Mosquera, Greenwald, Downey, Houghtaling, Sumter, Benson & Lampitt Bill to Protect Domestic Violence Victims from Gun Violence Heads to Governor’s Desk

Legislation sponsored by Assemblywoman Gabriela Mosquera, Majority Leader Louis D. Greenwald and Assembly Democrats Joann Downey, Eric Houghtaling, Shavonda Sumter, Daniel R. Benson and Pamela Lampitt to strengthen New Jersey's gun laws and protect victims of domestic abuse from gun violence gained final legislative approval from the full Assembly on Thursday.

"For victims and their children, domestic violence turns a chance to live the American Dream into a horrific nightmare. I know, because I've lived that nightmare," said Mosquera (D-Gloucester/Camden). "Too many victims are killed at the hands of abusers who have easy access to firearms before they ever have a chance to get out. This legislation will change that, strengthening our gun violence laws in order to protect victims of domestic violence."

 

Legislation sponsored by Assemblywoman Gabriela Mosquera, Majority Leader Louis D. Greenwald and Assembly Democrats Joann Downey, Eric Houghtaling, Shavonda Sumter, Daniel R. Benson and Pamela Lampitt to strengthen New Jersey's gun laws and protect victims of domestic abuse from gun violence gained final legislative approval from the full Assembly on Thursday.

"For victims and their children, domestic violence turns a chance to live the American Dream into a horrific nightmare. I know, because I've lived that nightmare," said Mosquera (D-Gloucester/Camden). "Too many victims are killed at the hands of abusers who have easy access to firearms before they ever have a chance to get out. This legislation will change that, strengthening our gun violence laws in order to protect victims of domestic violence."

Among other provisions, the bill (A-4126) would:
- Require domestic abusers who have been convicted of a domestic violence offense to surrender their firearms and provide a receipt and affidavit to the prosecutor demonstrating that they have done so;
- Require a law enforcement officer to accompany an abuser who has become subject to a restraining order to the location of the abuser's firearms and take possession of the firearms, or if the abuser is prohibited from going to the location by restraining order, require the officer to seize the firearms;
- Require the application for a restraining order to allow the victim to list firearms owned by the abuser;
- Require any identification card and permit issued to an abuser to be immediately revoked and require the court to establish a process for notifying the appropriate authorities of the revocation;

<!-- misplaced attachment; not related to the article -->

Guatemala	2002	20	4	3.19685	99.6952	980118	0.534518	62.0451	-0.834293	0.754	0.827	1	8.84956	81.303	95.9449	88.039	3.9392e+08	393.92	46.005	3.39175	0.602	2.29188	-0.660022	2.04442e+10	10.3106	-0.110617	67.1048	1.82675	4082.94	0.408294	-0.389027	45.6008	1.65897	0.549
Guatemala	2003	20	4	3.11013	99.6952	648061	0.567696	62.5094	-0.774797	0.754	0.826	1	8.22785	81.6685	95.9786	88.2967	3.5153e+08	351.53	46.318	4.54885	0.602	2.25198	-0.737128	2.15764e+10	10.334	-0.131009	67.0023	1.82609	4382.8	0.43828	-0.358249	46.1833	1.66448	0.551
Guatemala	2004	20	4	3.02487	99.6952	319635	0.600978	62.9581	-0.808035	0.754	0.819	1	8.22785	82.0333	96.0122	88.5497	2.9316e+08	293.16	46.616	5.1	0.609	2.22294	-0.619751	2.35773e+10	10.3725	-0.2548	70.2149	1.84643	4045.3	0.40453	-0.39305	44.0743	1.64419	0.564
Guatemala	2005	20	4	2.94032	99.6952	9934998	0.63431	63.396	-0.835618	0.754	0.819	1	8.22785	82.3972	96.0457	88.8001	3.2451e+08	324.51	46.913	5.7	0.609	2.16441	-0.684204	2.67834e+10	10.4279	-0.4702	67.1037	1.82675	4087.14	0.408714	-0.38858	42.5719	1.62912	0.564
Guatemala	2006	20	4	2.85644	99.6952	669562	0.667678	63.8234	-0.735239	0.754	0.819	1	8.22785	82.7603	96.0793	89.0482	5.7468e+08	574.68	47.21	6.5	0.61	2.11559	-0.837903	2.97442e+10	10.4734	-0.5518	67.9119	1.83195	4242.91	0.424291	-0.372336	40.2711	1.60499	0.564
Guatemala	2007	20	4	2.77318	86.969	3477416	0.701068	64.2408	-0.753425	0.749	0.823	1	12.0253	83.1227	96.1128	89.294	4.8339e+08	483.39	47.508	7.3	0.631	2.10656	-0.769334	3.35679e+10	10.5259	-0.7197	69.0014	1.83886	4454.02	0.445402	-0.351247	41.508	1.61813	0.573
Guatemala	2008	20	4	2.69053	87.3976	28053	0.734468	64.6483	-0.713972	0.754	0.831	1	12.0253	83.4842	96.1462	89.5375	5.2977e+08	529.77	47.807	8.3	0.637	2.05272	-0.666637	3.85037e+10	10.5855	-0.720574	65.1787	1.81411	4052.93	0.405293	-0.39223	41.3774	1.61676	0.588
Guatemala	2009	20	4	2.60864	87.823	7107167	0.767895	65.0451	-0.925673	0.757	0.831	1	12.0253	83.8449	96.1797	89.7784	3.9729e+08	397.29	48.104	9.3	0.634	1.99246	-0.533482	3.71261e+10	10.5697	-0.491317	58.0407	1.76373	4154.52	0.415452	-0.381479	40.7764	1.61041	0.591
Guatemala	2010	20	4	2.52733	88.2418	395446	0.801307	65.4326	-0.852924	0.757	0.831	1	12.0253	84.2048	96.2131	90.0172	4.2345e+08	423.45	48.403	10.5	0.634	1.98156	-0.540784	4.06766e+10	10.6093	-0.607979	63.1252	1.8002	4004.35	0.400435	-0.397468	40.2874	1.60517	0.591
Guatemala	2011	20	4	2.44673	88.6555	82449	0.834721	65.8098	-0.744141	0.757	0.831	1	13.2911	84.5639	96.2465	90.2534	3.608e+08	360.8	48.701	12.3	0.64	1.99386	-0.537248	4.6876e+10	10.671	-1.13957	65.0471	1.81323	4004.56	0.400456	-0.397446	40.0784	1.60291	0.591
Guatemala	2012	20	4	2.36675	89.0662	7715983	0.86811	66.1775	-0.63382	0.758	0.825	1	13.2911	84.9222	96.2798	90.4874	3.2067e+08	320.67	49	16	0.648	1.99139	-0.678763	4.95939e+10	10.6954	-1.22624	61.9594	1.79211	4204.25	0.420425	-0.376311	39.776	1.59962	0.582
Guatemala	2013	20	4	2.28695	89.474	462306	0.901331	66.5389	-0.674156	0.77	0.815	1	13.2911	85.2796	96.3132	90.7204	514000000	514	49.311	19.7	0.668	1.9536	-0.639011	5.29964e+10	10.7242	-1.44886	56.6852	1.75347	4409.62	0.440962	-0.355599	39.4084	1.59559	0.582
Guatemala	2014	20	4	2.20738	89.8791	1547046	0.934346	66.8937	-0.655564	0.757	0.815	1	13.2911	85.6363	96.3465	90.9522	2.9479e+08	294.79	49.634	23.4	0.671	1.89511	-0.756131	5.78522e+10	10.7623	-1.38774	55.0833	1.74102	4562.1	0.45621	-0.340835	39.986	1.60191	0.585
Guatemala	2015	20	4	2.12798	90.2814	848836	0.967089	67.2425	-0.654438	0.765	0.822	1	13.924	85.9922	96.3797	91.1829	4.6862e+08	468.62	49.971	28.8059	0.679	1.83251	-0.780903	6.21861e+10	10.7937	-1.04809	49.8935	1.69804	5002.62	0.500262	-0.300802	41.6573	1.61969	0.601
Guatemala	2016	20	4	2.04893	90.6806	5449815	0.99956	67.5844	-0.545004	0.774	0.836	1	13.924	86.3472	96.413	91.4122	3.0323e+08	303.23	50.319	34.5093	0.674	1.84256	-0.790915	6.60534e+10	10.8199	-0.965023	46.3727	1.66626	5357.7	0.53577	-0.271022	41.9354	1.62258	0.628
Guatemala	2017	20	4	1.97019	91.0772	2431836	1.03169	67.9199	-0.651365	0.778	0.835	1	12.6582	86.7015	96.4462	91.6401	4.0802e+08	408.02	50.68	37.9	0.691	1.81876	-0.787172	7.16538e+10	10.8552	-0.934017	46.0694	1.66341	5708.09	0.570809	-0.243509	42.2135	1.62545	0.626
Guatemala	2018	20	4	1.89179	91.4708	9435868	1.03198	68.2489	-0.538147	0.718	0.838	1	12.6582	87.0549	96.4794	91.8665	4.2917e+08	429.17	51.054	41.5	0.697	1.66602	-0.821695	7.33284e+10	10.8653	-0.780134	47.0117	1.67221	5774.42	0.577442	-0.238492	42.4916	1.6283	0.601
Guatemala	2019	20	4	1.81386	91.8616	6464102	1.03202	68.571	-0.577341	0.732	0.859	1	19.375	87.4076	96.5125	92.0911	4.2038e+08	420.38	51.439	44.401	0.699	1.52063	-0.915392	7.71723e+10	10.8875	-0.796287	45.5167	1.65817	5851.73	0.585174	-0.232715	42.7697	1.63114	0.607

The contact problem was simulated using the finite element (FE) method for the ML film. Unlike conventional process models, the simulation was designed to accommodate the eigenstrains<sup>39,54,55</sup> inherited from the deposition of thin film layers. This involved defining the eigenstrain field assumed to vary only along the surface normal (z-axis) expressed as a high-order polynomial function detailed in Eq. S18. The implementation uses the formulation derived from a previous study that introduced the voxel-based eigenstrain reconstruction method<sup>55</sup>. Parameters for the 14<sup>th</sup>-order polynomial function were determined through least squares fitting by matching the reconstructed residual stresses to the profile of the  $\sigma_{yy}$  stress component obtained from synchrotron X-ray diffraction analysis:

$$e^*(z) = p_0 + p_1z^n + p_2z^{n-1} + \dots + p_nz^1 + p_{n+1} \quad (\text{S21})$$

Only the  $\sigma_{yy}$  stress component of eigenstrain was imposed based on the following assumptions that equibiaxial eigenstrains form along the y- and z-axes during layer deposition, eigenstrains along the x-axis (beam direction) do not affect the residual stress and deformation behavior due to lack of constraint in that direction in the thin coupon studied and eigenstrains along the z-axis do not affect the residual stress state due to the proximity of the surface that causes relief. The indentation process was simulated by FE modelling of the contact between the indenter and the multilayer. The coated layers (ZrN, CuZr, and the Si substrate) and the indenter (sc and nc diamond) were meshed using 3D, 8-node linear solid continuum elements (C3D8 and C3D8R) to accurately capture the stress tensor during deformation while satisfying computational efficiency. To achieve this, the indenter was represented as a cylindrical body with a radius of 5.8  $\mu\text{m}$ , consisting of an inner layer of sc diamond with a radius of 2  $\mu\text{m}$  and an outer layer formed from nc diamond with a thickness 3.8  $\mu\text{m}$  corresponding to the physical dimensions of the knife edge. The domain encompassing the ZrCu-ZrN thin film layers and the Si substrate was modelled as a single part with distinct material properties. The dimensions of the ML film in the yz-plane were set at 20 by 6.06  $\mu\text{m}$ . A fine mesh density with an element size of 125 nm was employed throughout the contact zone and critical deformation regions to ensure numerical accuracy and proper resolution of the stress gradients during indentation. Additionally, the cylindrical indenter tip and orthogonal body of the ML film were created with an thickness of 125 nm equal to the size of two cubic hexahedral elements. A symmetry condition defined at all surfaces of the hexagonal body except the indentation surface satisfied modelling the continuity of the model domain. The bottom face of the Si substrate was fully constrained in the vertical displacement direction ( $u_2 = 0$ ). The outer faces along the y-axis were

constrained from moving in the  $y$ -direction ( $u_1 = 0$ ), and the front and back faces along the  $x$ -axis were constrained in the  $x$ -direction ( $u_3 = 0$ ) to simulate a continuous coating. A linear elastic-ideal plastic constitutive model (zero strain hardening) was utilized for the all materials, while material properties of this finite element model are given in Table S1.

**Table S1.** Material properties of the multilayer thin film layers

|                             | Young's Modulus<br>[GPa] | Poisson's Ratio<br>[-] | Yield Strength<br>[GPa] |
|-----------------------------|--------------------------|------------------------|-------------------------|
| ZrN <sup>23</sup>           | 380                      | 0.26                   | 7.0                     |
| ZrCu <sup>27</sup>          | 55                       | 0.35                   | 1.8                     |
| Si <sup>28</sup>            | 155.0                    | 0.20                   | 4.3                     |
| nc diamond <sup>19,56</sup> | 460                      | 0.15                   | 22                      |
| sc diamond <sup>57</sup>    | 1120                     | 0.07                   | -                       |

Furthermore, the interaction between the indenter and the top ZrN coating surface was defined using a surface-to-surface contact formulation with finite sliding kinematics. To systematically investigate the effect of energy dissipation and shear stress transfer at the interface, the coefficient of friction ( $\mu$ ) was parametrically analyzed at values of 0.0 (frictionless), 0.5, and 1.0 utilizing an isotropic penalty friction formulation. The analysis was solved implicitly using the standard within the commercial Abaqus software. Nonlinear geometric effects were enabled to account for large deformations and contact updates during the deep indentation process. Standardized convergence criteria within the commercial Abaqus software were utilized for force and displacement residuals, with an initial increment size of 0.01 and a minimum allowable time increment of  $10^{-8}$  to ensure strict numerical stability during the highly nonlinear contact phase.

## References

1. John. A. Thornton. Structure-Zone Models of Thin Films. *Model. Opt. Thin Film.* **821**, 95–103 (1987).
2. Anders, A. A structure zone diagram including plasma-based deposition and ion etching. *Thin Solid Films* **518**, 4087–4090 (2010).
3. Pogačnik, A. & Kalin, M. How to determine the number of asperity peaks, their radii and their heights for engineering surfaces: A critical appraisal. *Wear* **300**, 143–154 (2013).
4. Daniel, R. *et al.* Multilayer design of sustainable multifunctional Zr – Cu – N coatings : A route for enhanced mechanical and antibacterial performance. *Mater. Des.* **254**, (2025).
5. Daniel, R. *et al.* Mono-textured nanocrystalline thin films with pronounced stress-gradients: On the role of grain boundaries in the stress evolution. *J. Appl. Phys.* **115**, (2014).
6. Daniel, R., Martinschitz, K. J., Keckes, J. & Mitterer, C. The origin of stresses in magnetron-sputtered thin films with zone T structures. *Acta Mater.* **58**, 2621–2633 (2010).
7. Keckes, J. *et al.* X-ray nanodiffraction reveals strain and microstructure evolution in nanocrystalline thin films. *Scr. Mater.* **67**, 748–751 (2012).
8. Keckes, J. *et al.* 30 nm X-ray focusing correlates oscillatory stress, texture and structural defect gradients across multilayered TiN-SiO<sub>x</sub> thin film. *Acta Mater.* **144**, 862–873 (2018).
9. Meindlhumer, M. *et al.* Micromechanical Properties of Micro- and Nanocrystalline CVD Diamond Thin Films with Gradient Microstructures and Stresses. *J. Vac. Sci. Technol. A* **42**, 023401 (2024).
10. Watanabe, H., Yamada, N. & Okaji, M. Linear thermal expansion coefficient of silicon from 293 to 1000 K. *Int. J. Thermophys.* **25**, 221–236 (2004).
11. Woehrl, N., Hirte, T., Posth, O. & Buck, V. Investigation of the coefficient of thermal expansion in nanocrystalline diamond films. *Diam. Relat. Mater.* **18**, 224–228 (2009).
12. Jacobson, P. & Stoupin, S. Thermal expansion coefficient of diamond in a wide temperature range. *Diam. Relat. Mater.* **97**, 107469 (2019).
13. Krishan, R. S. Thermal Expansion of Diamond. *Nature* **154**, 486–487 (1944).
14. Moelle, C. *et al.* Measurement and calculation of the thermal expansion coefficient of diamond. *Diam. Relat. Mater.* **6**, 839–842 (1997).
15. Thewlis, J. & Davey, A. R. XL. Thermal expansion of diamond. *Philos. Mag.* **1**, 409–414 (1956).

- Enhance penalties for domestic violence offenses.

"Study after study tells us that domestic violence and firearms make for a deadly combination," said Greenwald (D-Camden/Burlington). "But these numbers are not just statistics. They represent real lives that have been shattered. We're taking this issue head-on and strengthening our gun laws to save those lives."

"Legislation to keep guns out of the hands of domestic abusers will protect New Jersey residents," said Downey (D-Monmouth). "Establishing an orderly process for the surrender of firearms is a common-sense way to ensure the safety of vulnerable individuals."

"Gun owners who have committed an act of domestic violence have proven their intent to cause someone else harm," said Houghtaling (D-Monmouth). "They should not thereafter have access to firearms."

"Statistically, mere access to a firearm makes it far more likely that a violent situation will escalate into a homicide," said Sumter (D-Bergen/Passaic). "It's simply common sense that revoking that access from someone who has a history of abusing others will save lives."

"Violent individuals are already dangerous. Put a gun in their hands and the threat to their victims is that much greater," said Benson (D-Mercer/Middlesex). "More than half of all murders of women in this country are committed with a gun. A person who has no misgivings about berating and physically assaulting another person cannot and should not be trusted to be responsible with a gun."

"Many women stay in abusive relationships out of fear that something worse may happen to them or their children if they try to escape. Given that abused women are five times more likely to be killed by their abuser if the abuser has access to a firearm, that fear is very real," said Lampitt (D-Camden/Burlington). "These restrictions can help prevent a bad situation from becoming fatal."

The bill, a previous version of which passed both houses of the legislature and was conditionally vetoed by the governor earlier this year, was approved 60-2-9 by the Assembly and now heads to the Governor's desk.